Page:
When we began publishing Solar Installer in 2008, our intent was to educate the readers of Plumbing & Mechanical about systems that use the renewable energy source of the sun to heat water and buildings. We recognized that for the solar thermal industry to grow, plumbing and heating contractors would have to know how to correctly install these systems because the number of contractors doing only solar installations was limited.
We also saw the proliferation of products such as solar panels, tanks and controls that were either coming into the United States from overseas or being produced domestically. As was the case again this year, exhibitors at the ISH trade show held March 12-16 in Frankfurt, Germany, displayed the latest in solar thermal technology from Germany, Italy and other nations.
In 2010, we broadened the scope of our solar thermal publication to include the readers of pme, the engineers and designers of solar thermal systems. Solar Installer became the Solar Thermal Report. Our coverage of the solar thermal industry helped to support the efforts of trade and professional associations to educate their members about these systems.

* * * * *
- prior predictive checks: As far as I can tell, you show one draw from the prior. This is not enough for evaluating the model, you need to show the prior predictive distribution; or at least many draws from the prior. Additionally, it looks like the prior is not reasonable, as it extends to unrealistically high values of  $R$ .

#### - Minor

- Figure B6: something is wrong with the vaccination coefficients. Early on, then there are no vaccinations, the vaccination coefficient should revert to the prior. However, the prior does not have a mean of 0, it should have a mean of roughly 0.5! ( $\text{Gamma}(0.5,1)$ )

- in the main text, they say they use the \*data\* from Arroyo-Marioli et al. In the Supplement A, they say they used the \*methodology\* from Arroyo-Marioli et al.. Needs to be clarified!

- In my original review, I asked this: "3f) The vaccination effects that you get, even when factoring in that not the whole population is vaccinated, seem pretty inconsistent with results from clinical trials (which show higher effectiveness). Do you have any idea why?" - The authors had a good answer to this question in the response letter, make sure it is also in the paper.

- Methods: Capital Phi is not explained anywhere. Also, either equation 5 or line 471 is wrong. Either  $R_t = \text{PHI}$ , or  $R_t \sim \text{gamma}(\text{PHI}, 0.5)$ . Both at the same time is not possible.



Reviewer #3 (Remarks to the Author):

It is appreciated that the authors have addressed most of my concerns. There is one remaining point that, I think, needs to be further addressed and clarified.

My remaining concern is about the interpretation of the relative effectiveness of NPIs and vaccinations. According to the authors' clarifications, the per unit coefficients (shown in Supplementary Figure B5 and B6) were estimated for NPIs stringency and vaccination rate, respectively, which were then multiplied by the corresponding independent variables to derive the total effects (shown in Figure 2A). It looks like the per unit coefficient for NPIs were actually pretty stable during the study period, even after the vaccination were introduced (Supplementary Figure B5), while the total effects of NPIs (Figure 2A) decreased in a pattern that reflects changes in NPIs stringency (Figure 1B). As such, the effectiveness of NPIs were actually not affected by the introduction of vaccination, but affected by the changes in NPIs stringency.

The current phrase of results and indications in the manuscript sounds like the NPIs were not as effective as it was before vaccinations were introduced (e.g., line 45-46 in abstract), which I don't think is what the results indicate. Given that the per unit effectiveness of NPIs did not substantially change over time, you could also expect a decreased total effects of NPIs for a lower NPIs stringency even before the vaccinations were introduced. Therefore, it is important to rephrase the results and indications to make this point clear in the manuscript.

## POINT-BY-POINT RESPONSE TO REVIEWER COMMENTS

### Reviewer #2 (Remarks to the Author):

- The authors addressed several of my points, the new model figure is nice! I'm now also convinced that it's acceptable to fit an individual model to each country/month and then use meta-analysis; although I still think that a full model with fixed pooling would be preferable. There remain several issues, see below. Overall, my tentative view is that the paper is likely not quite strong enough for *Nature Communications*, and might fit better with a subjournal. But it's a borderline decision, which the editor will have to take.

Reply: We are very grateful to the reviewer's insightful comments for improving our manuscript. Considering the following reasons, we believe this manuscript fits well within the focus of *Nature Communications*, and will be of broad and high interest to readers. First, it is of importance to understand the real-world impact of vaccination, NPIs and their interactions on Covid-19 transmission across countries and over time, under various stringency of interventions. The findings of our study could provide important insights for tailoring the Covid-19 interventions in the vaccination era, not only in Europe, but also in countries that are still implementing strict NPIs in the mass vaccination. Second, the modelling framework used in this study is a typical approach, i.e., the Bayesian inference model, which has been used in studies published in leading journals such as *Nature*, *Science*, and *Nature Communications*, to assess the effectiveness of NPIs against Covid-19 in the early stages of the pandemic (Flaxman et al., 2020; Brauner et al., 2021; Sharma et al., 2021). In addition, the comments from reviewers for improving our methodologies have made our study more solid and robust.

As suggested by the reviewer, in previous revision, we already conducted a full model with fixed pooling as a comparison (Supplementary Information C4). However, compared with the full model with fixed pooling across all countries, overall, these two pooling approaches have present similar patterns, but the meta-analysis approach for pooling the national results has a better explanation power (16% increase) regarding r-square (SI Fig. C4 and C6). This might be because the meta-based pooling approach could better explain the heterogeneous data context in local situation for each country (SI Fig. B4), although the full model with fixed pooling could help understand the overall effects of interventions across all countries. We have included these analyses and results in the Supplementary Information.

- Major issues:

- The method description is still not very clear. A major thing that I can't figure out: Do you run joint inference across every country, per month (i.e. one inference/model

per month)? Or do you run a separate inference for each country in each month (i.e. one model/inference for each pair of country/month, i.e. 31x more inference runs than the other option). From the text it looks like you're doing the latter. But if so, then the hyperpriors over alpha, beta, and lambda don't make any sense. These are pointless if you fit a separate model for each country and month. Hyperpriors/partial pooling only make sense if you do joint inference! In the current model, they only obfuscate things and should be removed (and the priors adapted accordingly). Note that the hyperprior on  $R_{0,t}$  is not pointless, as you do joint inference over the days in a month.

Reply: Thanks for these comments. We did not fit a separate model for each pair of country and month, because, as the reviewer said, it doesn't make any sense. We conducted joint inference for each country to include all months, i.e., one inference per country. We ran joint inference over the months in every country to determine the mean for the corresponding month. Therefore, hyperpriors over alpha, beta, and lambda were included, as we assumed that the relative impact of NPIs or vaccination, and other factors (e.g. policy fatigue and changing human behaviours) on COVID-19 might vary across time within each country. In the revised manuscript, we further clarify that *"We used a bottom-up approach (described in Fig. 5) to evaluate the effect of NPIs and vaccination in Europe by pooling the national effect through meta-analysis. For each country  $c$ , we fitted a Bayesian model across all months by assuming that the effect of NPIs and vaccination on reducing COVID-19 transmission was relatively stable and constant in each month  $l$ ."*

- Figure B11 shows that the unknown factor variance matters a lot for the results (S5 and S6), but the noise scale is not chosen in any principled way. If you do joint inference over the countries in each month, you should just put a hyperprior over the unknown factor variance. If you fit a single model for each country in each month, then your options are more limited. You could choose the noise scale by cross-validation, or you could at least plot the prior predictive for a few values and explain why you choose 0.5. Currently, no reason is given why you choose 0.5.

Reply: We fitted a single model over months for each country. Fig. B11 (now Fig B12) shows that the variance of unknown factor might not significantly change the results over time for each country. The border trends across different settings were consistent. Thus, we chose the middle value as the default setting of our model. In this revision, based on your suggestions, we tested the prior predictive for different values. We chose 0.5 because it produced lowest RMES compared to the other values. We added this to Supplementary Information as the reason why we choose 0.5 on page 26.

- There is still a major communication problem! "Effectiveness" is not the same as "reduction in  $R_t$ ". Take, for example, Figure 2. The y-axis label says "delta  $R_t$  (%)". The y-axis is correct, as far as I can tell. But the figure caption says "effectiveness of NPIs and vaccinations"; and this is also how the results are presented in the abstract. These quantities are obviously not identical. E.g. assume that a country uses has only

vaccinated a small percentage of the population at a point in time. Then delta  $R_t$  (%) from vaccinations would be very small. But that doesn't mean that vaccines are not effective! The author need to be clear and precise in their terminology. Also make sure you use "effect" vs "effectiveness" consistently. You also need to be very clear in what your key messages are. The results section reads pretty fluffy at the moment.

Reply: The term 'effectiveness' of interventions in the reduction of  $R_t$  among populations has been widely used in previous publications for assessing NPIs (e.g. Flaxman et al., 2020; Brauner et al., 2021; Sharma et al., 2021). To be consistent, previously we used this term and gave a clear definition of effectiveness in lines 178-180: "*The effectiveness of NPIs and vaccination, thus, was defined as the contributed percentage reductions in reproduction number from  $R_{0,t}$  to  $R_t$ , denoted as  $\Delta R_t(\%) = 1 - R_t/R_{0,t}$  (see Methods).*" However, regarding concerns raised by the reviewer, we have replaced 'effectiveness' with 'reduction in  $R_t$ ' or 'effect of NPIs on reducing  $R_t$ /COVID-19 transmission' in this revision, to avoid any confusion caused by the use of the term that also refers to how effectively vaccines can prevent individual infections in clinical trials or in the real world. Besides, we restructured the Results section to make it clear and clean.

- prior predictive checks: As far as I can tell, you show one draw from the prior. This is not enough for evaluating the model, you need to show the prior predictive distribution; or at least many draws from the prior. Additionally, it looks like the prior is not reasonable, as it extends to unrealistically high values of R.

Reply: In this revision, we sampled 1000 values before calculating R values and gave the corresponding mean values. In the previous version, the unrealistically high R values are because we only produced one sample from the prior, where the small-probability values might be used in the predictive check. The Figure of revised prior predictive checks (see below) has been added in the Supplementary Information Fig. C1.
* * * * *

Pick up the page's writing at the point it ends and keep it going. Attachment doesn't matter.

One organization, the National Board of Certified Energy Practitioners, marks its 10th anniversary this year of certifying industry professionals to do solar installations. In 2003, NABCEP produced its first exam on photovoltaic systems. Since then, the association has certified more than 2,000 industry professionals on the PV side.
NABCEP added a solar heating certification exam in 2006. Since then, 292 professionals have taken the exams to become certified to do solar thermal work. The exams are administered twice a year.
“The target candidate for NABCEP certification is the person responsible for the system installation (e.g., contractor, foreman, supervisor or journeyman),” according to information found at www.nabcep.org. “The NABCEP Solar Heating Installer Certification has been developed in accordance with the certification field’s best practices and is based on a comprehensive Job Task Analysis.”